Some things are so glacially slow that you almost don’t see them coming until they are there. eCall is probably such a thing and here’s a quick overview in case you go back to sleep again on the topic and need to refresh your memory quickly when it comes up again in a couple of years.
eCall is a “new” feature that the EU requires to be built into new cars by the end of April 2018 (i.e. another 2 years from now). Apart from the potential privacy issues arising from requiring a device in a car by law that couples a GPS receiver with a GSM and/or UMTS module, the great idea behind eCall is that a car can automatically make an emergency call after an accident without manual intervention of the driver or a passenger who might not be able to do so. In addition to setting up a speech path between the inside of the vehicle and a person at an emergency response center the eCall device can also send up to 140 bytes of information such as location, travel direction, vehicle identification, etc. to the emergency center. While the emergency call part of the solution reuses the GSM/UMTS EMERGENCY SETUP procedure for voice calls that has been in the standard since its early days, the data transmission part is what makes eCall different.
What does “Inband” mean?
Most documents on the topic mention that the up to 140 bytes are sent “inband” in the speech path but little else. While it might be strange at first to send data in the voice channel it has the big advantage that no additional equipment is required in the network. At first I assumed that the solution would probably use “audible tones” for message transmission. But I guess that approach is too simple and too slow as transmitting up to 140 bytes (i.e. 1120 bits) would take quite some time that way. This is obviously not acceptable in practice and the specification requires that the message is sent within 4 seconds. As a consequence a somewhat more complicated modulation scheme is used that has been designed to pass through an AMR voice channel. During transmission the voice channel at the destination side is muted. 3GPP TS 26.267 contains the details. It’s interesting to note that the first version of the document is from back in 2009 and hasn’t changed much since then, hence my somewhat sarcastic introduction to the topic.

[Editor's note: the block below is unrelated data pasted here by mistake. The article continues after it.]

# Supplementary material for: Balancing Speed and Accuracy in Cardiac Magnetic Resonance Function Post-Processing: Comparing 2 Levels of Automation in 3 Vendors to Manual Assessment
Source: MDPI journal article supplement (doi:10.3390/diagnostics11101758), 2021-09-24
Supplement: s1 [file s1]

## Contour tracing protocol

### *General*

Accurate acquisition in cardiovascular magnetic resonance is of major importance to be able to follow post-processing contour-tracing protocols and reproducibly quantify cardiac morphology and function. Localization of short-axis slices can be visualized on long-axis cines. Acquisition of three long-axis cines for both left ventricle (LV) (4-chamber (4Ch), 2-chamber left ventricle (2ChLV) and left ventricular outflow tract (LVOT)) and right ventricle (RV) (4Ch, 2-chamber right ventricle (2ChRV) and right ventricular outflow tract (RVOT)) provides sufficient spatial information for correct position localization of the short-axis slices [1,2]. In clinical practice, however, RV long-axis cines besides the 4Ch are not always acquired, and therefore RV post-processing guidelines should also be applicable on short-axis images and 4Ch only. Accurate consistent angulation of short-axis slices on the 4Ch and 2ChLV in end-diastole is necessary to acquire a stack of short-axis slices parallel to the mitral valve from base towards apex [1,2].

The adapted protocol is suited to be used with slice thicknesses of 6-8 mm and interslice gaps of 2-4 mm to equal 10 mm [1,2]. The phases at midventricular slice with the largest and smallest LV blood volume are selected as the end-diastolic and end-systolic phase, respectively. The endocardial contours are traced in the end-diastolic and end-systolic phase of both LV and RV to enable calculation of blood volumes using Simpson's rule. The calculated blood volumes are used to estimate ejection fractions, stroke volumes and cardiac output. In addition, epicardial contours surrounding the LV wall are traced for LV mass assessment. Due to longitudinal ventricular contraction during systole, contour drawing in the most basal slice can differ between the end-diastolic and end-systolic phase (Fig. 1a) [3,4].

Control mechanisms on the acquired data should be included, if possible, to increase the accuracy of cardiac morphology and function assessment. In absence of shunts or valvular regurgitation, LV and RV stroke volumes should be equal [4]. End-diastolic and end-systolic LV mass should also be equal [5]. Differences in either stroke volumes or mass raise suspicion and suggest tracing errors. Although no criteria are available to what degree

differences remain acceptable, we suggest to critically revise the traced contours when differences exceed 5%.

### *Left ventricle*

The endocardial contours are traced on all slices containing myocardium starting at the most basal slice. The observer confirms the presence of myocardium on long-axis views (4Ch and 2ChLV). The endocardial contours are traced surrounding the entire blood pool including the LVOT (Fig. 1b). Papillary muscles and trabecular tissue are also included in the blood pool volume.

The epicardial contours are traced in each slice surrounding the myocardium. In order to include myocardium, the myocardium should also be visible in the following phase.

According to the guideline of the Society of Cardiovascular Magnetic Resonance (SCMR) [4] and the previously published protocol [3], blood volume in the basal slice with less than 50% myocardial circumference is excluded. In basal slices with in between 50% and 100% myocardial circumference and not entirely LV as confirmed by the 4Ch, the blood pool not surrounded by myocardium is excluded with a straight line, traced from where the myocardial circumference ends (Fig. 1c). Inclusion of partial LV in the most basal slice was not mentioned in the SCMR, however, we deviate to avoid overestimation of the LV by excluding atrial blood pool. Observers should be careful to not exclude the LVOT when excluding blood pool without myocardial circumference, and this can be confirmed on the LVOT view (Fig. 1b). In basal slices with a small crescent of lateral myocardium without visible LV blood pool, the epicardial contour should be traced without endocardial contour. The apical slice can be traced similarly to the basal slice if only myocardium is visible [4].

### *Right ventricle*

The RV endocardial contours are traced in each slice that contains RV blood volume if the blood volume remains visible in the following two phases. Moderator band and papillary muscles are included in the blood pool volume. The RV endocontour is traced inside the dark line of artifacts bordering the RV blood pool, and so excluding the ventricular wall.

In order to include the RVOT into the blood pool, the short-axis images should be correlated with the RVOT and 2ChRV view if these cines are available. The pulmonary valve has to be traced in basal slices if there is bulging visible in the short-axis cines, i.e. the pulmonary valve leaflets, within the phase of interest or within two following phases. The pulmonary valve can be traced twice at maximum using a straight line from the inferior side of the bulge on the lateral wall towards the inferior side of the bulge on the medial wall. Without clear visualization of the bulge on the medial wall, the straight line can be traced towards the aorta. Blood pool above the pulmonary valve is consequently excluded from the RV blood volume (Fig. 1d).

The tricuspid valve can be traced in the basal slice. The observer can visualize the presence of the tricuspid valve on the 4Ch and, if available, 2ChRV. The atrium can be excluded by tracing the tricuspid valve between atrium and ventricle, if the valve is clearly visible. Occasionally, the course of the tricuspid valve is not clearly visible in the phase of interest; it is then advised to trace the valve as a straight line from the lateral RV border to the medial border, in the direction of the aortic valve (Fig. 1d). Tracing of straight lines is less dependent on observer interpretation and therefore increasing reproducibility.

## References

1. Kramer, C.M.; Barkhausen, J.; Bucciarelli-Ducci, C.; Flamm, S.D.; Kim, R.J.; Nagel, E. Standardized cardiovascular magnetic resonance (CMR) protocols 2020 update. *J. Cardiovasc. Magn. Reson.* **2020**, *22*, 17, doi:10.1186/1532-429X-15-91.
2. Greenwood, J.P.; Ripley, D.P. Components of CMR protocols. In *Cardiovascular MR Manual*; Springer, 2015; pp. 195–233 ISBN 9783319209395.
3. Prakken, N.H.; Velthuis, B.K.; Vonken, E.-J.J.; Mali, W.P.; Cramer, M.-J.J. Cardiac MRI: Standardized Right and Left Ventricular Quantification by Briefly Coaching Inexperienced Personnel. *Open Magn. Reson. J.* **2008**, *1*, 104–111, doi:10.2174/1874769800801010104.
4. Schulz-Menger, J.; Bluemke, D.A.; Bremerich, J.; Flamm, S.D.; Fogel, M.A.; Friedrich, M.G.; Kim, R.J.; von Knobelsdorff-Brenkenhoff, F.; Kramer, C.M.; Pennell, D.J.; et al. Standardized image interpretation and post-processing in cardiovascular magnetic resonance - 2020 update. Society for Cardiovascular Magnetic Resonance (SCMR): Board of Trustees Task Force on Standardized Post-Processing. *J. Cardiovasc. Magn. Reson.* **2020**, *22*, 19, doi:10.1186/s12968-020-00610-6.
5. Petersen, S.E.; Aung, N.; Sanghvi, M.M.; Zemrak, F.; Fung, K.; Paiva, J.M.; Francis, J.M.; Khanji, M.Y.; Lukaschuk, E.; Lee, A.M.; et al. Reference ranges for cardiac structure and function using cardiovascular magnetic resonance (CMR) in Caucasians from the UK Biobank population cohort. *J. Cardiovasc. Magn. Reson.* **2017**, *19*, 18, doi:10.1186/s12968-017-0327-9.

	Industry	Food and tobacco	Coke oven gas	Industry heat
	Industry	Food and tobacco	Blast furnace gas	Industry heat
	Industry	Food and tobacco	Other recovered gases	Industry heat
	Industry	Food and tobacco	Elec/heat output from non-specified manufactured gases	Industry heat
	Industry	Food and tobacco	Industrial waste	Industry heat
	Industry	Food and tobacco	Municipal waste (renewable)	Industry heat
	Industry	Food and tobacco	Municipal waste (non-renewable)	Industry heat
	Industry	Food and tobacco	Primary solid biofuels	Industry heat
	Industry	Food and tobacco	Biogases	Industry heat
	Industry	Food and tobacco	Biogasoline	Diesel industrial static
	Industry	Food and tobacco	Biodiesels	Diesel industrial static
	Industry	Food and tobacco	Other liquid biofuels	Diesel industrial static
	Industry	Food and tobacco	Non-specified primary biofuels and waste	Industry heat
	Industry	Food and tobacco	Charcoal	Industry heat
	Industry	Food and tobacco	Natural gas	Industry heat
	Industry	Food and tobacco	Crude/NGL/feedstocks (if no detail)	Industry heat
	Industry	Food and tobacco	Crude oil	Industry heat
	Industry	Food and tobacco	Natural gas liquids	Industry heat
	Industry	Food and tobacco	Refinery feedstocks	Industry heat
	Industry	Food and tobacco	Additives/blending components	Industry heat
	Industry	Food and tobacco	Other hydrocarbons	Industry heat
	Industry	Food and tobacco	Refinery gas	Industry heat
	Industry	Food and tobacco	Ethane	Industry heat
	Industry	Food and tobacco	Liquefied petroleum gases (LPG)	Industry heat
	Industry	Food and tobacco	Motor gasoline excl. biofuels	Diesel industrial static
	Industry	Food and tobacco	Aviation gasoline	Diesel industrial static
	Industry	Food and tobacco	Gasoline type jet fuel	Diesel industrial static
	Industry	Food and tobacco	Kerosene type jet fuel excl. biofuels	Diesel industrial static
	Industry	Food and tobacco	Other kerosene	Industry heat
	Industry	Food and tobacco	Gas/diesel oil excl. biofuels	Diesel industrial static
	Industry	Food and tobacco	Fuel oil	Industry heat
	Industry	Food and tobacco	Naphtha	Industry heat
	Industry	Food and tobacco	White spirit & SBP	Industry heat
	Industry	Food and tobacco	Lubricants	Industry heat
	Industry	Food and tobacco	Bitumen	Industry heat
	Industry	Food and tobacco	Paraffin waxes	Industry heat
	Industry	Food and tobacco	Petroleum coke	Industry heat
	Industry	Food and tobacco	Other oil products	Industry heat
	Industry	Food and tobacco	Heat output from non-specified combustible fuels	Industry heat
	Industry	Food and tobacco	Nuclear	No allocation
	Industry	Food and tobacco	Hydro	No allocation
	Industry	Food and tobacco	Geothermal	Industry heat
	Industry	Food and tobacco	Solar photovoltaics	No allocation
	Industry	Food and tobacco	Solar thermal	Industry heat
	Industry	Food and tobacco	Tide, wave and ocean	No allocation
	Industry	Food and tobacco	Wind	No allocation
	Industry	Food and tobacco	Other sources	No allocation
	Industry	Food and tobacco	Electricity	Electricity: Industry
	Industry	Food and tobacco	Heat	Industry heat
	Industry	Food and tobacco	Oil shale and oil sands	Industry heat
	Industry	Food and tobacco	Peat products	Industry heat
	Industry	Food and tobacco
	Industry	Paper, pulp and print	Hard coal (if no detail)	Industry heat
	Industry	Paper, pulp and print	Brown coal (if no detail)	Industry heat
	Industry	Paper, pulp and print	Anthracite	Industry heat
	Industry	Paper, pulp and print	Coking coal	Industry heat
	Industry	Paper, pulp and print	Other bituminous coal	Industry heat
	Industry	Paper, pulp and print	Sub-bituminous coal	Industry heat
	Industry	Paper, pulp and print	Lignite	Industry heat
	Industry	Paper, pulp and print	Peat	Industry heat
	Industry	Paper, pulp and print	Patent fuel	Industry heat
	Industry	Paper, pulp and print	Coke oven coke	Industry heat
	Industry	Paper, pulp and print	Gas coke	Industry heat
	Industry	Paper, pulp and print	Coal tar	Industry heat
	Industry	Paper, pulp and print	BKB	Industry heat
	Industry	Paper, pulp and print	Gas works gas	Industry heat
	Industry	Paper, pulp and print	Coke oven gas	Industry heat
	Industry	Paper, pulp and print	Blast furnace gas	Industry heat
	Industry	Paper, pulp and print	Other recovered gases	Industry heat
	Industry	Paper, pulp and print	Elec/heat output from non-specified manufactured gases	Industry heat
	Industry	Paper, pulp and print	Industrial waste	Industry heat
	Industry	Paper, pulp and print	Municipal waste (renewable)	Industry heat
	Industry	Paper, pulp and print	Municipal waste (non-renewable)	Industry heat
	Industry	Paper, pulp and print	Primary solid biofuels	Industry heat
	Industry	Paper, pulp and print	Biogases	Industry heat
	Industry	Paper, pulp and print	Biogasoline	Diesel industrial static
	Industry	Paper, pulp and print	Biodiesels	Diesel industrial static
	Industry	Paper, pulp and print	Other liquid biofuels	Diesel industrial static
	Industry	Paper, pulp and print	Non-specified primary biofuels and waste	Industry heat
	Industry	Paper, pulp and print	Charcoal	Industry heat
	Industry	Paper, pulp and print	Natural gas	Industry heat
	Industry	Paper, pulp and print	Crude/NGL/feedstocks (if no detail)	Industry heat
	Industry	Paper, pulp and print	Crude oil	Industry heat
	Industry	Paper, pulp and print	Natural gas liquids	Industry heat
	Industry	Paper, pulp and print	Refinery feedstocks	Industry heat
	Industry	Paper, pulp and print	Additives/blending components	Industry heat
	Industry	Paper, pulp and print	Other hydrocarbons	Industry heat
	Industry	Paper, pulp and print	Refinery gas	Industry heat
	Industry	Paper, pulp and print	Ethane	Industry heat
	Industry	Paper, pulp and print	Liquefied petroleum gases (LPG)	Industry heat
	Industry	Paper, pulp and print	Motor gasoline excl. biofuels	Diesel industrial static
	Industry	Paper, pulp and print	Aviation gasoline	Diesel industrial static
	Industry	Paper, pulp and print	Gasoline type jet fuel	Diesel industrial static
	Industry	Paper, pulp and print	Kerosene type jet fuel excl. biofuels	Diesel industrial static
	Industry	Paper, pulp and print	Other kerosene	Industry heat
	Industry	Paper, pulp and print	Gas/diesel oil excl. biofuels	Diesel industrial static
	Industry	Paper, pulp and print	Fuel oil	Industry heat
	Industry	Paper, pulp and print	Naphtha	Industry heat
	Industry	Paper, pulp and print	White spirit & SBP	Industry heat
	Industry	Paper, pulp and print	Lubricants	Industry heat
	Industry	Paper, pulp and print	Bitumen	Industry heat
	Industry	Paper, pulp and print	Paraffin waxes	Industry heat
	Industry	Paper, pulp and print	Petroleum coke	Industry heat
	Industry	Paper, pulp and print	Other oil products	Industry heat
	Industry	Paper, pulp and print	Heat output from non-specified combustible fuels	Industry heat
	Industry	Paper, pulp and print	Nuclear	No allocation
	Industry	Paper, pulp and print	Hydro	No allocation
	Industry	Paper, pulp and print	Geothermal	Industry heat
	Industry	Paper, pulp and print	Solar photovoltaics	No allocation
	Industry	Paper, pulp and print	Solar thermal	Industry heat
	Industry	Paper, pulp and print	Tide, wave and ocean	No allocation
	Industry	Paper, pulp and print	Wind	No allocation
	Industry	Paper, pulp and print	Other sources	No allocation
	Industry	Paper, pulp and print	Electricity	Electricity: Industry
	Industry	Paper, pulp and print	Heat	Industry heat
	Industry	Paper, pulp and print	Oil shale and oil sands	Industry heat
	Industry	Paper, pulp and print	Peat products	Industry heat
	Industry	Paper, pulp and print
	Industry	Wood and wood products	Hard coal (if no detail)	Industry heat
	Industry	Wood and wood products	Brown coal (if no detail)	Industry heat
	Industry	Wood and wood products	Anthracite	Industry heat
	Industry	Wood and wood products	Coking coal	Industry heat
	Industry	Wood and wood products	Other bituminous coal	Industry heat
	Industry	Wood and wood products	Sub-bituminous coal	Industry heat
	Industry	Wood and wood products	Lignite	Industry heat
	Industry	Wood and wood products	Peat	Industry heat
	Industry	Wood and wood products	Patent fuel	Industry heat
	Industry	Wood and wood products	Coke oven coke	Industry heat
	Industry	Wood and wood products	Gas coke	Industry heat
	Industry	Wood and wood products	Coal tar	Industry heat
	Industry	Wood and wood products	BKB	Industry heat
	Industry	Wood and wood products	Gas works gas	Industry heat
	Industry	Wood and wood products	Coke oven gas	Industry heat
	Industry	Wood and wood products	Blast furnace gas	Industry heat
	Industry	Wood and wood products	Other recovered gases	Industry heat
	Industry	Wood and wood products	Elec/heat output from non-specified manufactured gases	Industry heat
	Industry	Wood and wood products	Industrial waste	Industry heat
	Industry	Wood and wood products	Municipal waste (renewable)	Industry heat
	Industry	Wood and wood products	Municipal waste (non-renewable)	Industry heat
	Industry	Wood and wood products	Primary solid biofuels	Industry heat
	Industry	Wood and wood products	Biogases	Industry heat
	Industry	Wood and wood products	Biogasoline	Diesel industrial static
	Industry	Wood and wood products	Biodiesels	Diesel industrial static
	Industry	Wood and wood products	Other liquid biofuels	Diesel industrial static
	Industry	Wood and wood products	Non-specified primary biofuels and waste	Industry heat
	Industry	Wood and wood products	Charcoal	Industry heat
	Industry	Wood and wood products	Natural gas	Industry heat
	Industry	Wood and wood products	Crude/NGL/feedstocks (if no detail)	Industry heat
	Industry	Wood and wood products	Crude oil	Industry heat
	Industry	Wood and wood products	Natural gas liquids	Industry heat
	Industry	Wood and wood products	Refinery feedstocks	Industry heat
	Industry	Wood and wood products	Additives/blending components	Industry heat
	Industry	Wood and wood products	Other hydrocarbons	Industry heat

Push and Pull
Also noteworthy in this regard is that the data is not sent “blindly” but only after a request from the emergency center. If the emergency center does not request data the eCall device can also send an “invitation” to the emergency center to request the data. Also it can be repeated if it was not correctly received.
eCall and LTE/IMS/VoLTE
What surprised me a bit is that no eCall successor for IMS/LTE seems to be in the works at the moment. In other words, there is no way GSM can be switched off in the next 15 years. Bummer!
And here are a few eCall terms that are mentioned in the spec and also other document on the topic
IVS: In-Vehicle System (= The eCall device in the car)
PSAP: Public Safety Answering Point (= The emergency center the answers the call)
MSD: Minimum Set of Data (= the eCall Message). It is transmitted in either 1.3 seconds (fast mode) or 2.6 seconds (robust mode)